COLLEYVILLE, Texas (AP) — In the final moments of a 10-hour standoff with a gunman at a Texas synagogue, the remaining hostages and officials trying to negotiate their release took “near simultaneous plans of action,” with the hostages escaping as an FBI tactical team moved in, an official said Friday.
“I think we both kind of realized around the same time that: It’s time to go,” Matt DeSarno, the FBI’s special agent in charge in Dallas, said at a news conference.
DeSarno said that just after 9 p.m. on Jan. 15, he authorized his teams to enter the synagogue at the moment the hostages came to “a similar conclusion” to escape.
As agents approached the building, he said, they encountered the three remaining hostages running out and continued moving toward the synagogue to face Malik Faisal Akram, the 44-year-old British citizen who had taken four hostages during morning services at Congregation Beth Israelin the Dallas-area suburb of Colleyville.
Akram had released a hostage shortly after 5 p.m. but those remaining said he became more belligerent and threatening as the night wore on. Rabbi Charlie Cytron-Walker said Friday that while Akram had a drink in his hand, he threw a chair at Akram and he and the two other remaining hostages fled.
“We were constantly looking for an opportunity to leave,” Cytron-Walker said.
As the moment came, the FBI rushed in and fatally shot Akram, DeSarno said.
The Tarrant County Medical examiner on Friday said Akram was killed by multiple gunshot wounds and ruled his death a homicide, a determination that does not necessarily indicate it was a crime. The medical examiner determined that Akram died at 9:22 p.m.
DeSarno, who had attracted attention for saying on Jan. 15 that the hostage-taker was focused on an issue not specifically connected to the Jewish community, took pains Friday to stress that the FBI regarded the episode as an act of terrorism that threatened the Jewish community and “intentionally targeted” a house of worship. The act, he said, “was committed by a terrorist espousing an anti-Semitic worldview.”
“This was both a hate crime and an act of terrorism,” DeSarno said.
DeSarno said Akram is believed to have selected the synagogue because it is closest to a federal prison in nearby Fort Worth that houses a “convicted terrorist” with suspected al-Qaida links. During negotiations, Akram demanded the release of that prisoner in exchange for letting the hostages free. Though he did not name the prisoner, other law enforcement officials have identified her as Aafia Siddiqui, who is serving an 86-year prison sentence after being convicted of shooting at American military personnel after being detained in Afghanistan.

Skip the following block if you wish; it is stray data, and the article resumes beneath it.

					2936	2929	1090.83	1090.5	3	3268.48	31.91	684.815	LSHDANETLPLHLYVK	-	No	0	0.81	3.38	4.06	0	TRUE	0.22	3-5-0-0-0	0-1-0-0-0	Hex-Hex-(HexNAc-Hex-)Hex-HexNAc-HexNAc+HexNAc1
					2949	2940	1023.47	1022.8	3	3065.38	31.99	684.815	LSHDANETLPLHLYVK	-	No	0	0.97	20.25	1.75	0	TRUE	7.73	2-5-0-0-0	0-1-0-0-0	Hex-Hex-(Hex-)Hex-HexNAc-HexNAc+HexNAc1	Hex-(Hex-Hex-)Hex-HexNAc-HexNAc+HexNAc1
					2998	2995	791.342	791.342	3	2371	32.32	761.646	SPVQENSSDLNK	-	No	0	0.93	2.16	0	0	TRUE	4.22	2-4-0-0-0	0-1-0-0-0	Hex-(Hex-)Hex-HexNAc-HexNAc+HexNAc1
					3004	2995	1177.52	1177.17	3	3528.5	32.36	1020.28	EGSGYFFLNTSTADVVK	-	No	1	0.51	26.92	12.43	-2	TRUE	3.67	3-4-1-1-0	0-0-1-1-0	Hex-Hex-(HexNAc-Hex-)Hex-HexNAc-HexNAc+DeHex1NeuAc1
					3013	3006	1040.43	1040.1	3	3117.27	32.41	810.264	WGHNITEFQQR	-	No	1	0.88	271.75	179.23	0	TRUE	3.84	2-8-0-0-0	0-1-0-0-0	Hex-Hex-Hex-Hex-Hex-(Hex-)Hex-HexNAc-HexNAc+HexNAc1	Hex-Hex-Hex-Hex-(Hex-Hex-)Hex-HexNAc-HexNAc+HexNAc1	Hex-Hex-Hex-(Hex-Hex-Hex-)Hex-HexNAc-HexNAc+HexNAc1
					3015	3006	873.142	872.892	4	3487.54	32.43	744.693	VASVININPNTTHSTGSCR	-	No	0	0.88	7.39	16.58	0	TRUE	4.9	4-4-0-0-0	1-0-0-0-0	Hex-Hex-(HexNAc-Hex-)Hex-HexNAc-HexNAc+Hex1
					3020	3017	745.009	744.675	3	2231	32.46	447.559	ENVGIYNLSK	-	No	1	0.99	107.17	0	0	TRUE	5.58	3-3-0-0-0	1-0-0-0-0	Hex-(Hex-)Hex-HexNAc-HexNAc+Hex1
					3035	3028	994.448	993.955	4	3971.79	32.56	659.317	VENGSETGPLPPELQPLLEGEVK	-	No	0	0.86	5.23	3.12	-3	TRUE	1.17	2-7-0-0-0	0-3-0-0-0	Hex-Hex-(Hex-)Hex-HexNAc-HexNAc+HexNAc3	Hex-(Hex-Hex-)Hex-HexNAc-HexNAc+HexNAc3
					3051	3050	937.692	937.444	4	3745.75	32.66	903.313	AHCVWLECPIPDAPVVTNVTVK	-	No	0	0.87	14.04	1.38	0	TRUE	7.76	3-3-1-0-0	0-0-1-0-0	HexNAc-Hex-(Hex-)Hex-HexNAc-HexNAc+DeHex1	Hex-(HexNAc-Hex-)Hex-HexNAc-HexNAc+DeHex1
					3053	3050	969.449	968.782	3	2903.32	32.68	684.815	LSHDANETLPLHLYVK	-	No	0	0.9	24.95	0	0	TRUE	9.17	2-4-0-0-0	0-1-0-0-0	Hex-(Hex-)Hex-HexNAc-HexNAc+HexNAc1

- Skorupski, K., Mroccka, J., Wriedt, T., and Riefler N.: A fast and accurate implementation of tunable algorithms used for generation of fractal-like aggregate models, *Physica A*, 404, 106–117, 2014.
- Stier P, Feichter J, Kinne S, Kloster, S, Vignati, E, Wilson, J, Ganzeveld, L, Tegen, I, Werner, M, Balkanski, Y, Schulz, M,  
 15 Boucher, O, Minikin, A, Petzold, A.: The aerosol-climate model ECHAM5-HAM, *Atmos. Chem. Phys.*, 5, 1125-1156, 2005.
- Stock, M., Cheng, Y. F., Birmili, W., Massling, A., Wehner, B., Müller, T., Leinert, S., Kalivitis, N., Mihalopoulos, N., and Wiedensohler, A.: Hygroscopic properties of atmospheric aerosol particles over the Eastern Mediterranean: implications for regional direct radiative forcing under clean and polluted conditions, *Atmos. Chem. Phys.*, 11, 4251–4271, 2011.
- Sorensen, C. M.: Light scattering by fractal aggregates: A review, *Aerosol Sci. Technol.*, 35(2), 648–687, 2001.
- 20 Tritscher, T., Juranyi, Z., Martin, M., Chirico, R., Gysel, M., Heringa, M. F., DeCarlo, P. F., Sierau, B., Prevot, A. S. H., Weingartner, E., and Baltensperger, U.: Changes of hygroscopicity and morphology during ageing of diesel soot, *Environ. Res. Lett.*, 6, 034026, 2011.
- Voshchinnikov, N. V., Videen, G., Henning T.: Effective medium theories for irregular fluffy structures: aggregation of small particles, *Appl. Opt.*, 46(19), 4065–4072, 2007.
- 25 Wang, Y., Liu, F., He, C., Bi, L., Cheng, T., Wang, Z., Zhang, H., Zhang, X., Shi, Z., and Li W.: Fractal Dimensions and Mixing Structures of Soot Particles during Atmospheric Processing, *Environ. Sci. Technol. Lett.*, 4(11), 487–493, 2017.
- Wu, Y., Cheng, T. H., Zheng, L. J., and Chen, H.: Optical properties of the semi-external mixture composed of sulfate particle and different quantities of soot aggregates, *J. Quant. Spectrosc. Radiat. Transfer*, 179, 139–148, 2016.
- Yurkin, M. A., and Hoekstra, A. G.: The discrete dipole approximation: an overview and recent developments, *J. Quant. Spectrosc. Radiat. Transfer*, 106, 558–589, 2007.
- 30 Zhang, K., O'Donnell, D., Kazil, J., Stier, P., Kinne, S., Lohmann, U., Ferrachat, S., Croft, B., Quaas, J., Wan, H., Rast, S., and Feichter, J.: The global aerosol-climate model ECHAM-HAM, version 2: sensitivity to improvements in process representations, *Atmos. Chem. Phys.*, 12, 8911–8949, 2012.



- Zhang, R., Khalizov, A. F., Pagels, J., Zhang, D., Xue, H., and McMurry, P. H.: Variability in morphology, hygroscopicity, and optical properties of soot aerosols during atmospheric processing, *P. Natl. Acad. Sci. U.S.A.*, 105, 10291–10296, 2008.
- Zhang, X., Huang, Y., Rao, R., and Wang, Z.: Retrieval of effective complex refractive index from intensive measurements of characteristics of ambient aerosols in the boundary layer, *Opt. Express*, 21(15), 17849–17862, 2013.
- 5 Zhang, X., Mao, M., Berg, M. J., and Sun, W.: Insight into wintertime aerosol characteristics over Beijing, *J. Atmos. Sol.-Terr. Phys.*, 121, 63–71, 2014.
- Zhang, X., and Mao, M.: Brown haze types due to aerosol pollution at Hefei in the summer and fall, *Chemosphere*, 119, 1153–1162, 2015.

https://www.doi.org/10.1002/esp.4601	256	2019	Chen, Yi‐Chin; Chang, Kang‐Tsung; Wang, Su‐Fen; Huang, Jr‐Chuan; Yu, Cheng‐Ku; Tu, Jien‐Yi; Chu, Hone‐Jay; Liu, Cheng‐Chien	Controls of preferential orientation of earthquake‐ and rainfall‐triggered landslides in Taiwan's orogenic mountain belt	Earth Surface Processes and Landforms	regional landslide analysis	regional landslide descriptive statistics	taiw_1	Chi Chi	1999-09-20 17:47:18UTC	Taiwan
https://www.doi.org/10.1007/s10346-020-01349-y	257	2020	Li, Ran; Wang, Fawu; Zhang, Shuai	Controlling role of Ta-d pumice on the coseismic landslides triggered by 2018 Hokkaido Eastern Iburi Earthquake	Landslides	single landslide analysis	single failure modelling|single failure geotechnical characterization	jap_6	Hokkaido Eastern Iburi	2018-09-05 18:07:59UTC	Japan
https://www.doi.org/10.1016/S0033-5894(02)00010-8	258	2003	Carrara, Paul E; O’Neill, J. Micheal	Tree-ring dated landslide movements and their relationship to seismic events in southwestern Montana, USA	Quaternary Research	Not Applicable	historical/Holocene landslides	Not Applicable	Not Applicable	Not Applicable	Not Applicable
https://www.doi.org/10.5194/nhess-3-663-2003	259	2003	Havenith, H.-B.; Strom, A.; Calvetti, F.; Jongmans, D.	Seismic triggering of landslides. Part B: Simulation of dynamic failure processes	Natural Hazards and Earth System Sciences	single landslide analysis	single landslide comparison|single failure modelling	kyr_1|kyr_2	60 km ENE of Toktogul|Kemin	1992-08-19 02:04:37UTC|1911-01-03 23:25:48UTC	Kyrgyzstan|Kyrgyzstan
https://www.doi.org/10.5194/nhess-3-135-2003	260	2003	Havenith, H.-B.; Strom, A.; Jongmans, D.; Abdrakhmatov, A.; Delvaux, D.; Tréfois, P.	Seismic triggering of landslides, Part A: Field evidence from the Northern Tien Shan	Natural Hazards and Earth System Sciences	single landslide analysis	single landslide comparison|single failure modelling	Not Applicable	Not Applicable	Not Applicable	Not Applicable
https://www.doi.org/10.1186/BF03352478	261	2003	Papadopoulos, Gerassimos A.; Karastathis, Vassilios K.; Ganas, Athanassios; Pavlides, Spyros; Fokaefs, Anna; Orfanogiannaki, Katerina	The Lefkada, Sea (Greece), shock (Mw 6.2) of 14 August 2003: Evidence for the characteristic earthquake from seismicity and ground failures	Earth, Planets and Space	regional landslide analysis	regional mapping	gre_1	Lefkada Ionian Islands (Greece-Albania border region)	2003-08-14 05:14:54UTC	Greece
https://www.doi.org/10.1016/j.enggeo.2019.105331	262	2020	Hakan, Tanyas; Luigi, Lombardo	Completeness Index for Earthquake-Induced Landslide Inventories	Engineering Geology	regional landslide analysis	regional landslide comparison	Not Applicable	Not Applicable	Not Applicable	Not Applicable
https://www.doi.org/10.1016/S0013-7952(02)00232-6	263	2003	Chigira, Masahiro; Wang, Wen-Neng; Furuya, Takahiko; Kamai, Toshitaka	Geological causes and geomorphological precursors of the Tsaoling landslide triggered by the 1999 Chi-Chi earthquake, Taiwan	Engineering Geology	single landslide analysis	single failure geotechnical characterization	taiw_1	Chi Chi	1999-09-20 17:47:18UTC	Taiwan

Siddiqui’s attorney said she had no connection to Akram.
Akram was from the English industrial city of Blackburn. His family said he had been “suffering from mental health issues.”
He arrived in New York on a tourist visa about two weeks before the attack and cleared checks against law enforcement databases without raising any red flags, officials said. He spent time in Dallas-area homeless shelters before the attack, and visited an area mosque at least twice to pray.
Investigators had been trying to determine how Akram got to Colleyville from Dallas. On Friday, the Colleyville police chief said they’d found a mountain bike at a nearby soccer complex, and they were able to unlock it with a key found on Akram’s body.
The FBI is still investigating how Akram got the gun used in the attack, though it has had success in tracking his movements from the time he arrived in New York on Dec. 29 until his entrance into the synagogue. DeSarno said agents were still reviewing his devices and scrutinizing his contacts but that he was not known to the FBI or U.S. intelligence communities until the hostage-taking.
DeSarno said that where and how Akram acquired the gun is “a primary gap” in the investigation.
Associated Press writer Eric Tucker contributed from Washington.